Regular use of sunscreens has been shown to reduce the risk of sunburn and skin cancer, and slow photoaging of skin. Sunscreens can rinse off into water where people are swimming or wading, and can also enter bodies of water through wastewater such as from bathing or showering. As a result, the ultraviolet (UV) filters - the active ingredients in sunscreens that reduce the amount of UV radiation on skin - have been detected in the water, sediment, and animal tissues in aquatic environments. Because the impact of these filters on aquatic ecosystems is not fully understood, assessment is needed to better understand their environmental impacts.
This report calls on the U.S. Environmental Protection Agency to conduct an ecological risk assessment of UV filters to characterize the possible risks to aquatic ecosystems and the species that live in them. EPA should focus on environments more likely to be exposed such as those with heavy recreational use, or where wastewater and urban runoff enter the water. The risk assessment should cover a broad range of species and biological effects and could consider potential interacting effects among UV filters and with other environmental stresses such as climate change. In addition, the report describes the role of sunscreens in preventing skin cancer and what is known about how human health could be affected by potential changes in usage. While the need for a risk assessment is urgent, research is needed to advance understanding of both risks to the environment from UV filters and impacts to human health from changing sunscreen availability and usage.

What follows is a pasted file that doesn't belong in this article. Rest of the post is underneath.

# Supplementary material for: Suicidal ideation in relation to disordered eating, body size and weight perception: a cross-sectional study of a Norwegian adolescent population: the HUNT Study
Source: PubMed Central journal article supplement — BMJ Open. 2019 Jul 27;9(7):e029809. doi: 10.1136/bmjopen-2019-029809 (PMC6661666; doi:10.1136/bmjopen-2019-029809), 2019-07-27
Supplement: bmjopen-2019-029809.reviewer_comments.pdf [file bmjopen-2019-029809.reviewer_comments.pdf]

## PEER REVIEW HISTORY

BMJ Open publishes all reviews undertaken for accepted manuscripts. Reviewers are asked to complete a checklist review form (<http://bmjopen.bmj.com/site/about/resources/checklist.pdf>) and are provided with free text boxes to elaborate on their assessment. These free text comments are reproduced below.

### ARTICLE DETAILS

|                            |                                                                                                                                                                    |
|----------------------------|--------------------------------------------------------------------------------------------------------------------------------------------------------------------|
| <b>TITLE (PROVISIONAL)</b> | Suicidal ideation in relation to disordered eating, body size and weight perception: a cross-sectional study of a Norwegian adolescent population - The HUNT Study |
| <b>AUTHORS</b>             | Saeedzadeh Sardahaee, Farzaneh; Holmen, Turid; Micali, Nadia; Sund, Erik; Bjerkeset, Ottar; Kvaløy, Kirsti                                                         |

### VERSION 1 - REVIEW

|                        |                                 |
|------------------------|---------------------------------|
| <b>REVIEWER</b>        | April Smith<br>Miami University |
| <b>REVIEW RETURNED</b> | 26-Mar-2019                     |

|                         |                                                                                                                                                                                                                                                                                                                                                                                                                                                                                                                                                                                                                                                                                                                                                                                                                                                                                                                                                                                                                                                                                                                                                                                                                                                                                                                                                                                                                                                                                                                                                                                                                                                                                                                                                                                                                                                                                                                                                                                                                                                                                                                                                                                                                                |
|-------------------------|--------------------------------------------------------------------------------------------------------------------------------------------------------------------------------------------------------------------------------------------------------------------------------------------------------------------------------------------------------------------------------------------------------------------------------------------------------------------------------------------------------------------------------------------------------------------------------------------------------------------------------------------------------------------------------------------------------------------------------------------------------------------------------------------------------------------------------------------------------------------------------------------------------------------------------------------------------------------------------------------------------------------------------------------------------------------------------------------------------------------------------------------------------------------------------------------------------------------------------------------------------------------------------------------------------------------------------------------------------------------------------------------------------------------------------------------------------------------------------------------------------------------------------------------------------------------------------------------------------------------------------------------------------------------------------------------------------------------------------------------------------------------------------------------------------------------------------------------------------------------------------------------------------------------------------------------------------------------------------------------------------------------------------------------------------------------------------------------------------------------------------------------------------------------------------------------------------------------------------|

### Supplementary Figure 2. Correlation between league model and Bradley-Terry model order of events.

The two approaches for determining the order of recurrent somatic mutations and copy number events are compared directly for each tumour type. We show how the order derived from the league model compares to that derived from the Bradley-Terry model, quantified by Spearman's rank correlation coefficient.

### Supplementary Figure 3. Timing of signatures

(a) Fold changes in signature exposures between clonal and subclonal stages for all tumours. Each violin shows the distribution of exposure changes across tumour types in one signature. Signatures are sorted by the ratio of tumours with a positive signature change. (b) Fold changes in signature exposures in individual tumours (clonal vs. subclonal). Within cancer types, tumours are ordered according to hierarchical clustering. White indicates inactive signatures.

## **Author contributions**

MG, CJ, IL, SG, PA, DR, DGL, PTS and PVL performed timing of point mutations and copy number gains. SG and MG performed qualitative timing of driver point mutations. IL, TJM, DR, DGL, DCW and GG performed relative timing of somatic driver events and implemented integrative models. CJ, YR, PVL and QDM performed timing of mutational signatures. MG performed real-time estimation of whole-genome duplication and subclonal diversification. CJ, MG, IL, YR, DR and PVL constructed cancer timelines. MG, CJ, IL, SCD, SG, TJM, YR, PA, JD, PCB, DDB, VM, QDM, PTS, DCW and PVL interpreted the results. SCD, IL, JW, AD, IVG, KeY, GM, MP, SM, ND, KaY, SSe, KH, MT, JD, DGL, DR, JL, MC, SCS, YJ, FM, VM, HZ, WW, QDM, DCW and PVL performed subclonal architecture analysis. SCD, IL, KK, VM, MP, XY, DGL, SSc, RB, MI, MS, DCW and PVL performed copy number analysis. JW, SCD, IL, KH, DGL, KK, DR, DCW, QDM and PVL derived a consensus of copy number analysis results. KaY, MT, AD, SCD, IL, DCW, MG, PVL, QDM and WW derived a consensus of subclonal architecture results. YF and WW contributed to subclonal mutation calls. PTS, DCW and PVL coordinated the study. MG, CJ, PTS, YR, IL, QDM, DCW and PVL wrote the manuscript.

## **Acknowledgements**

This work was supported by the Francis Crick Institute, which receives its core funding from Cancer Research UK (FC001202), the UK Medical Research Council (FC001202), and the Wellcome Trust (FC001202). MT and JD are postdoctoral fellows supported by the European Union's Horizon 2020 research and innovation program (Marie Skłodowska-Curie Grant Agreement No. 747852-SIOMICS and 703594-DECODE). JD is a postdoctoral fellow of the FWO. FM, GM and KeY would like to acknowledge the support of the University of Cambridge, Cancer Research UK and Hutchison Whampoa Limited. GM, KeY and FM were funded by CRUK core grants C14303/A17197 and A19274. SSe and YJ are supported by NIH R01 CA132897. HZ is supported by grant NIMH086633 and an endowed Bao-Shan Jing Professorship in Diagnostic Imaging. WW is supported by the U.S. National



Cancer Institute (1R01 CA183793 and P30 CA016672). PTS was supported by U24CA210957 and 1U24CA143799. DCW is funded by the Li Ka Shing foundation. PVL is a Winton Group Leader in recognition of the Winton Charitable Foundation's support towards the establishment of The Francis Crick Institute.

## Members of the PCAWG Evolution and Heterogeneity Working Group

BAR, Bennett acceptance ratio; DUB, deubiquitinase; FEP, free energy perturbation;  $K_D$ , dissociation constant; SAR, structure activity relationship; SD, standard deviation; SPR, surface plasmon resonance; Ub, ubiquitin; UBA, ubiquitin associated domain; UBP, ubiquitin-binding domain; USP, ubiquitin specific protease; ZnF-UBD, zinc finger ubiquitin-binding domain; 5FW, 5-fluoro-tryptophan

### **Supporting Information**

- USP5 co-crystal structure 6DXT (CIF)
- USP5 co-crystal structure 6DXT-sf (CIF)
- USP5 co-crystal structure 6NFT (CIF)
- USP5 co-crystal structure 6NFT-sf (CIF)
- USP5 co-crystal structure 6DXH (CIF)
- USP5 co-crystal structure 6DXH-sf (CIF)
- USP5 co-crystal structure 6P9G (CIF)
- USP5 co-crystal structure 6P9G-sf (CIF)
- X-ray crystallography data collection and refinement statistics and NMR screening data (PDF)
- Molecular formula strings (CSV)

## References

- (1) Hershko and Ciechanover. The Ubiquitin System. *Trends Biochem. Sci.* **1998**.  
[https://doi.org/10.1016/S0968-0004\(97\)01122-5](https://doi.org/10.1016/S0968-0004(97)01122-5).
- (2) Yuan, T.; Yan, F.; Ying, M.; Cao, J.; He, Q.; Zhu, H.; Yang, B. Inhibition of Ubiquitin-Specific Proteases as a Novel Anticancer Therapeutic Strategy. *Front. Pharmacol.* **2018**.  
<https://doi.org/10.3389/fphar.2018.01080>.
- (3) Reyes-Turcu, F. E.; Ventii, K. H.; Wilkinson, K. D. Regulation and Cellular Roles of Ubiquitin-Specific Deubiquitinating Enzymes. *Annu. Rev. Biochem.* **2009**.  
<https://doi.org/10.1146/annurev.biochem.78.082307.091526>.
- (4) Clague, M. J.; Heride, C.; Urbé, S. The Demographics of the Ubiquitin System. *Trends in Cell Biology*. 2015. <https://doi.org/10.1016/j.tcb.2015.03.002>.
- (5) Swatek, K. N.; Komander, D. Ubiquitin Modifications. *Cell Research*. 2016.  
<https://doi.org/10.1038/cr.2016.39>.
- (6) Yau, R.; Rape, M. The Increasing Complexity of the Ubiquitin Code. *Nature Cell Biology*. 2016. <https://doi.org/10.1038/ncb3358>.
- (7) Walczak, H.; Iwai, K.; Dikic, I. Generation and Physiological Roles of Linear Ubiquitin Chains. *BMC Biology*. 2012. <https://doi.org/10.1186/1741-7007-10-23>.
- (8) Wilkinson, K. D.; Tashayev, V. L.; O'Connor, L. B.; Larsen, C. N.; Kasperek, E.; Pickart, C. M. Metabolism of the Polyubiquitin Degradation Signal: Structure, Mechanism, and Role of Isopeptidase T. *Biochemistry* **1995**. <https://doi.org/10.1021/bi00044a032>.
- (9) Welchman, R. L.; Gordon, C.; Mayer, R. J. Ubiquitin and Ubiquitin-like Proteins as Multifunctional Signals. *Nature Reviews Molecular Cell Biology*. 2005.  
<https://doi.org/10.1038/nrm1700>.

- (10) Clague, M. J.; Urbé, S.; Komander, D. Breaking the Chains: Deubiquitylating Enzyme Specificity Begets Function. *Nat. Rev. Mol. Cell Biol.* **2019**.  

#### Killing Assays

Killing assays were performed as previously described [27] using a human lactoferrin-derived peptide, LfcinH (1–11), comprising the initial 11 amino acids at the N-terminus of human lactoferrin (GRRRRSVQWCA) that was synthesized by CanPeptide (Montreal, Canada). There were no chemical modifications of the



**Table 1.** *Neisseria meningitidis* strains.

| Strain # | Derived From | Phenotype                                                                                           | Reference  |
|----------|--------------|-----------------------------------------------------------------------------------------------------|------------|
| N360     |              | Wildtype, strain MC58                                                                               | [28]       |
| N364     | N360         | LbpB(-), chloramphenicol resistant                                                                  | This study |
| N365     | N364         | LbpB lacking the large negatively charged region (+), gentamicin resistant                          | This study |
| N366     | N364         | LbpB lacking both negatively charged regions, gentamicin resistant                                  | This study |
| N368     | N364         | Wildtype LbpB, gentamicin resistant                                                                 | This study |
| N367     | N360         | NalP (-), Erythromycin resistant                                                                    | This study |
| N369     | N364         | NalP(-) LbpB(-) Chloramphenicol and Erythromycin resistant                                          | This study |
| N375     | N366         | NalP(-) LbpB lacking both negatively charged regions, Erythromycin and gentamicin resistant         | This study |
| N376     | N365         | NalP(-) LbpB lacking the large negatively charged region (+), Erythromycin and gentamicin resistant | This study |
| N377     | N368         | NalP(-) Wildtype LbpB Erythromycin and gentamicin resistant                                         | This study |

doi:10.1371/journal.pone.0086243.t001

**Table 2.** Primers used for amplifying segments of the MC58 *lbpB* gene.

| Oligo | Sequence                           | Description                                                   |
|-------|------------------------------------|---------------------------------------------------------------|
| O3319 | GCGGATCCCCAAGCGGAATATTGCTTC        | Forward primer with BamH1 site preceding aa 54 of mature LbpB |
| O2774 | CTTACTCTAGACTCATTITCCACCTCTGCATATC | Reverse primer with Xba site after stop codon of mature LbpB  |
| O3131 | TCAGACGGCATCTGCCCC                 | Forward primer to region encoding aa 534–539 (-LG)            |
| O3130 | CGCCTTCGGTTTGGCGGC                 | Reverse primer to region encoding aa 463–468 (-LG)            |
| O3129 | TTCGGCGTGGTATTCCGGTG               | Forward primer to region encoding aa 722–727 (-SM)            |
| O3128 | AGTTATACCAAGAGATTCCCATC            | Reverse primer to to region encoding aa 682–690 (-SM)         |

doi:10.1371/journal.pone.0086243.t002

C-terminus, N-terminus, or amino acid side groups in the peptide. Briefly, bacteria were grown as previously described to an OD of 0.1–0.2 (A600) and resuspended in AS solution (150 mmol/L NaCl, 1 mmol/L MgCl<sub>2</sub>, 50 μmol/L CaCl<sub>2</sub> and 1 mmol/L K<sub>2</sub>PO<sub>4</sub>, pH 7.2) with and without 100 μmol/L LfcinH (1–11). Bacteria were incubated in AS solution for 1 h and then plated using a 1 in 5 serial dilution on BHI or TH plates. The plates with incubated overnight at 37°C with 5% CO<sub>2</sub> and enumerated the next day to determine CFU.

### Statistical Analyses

National Academies of Sciences, Engineering, and Medicine. 2022. Review of Fate, Exposure, and Effects of Sunscreens in Aquatic Environments and Implications for Sunscreen Usage and Human Health. Washington, DC: The National Academies Press. https://doi.org/10.17226/26381.
|2 Introduction to Sunscreens and Their UV Filters||21-36|
|3 Problem Formulation: Sources, Settings, and Ecological Receptors||37-68|
|4 Fate, Transport, and Potential Exposure in the Environment||69-102|
|5 Bioaccumulation and Measured Concentrations of UV Filters in Biota||103-120|
|6 Review of Studies on the Effects of UV Filters in Aquatic Environments||121-160|
|7 Sunscreen, Preventive Health Behaviors, and Implications of Changes in Sunscreen Use for Public Health||161-180|
|8 Conclusions and Recommendations||181-194|
|Appendix A: Committee Member Biographies||195-200|
|Appendix B: UV Filter Usage||201-214|
|Appendix C: UV Filter Water and Sediment Occurrence Data||215-254|
|Appendix D: Supplementary Information for Bioaccumulation||255-284|
|Appendix E: UV Filter Toxicity Data Tables||285-320|
|Appendix F: Studies on Behavioral and Physiological Endpoints on Select Organic UV Filters||321-340|
|Appendix G: Acronyms, Abbreviations, and Units||341-344|
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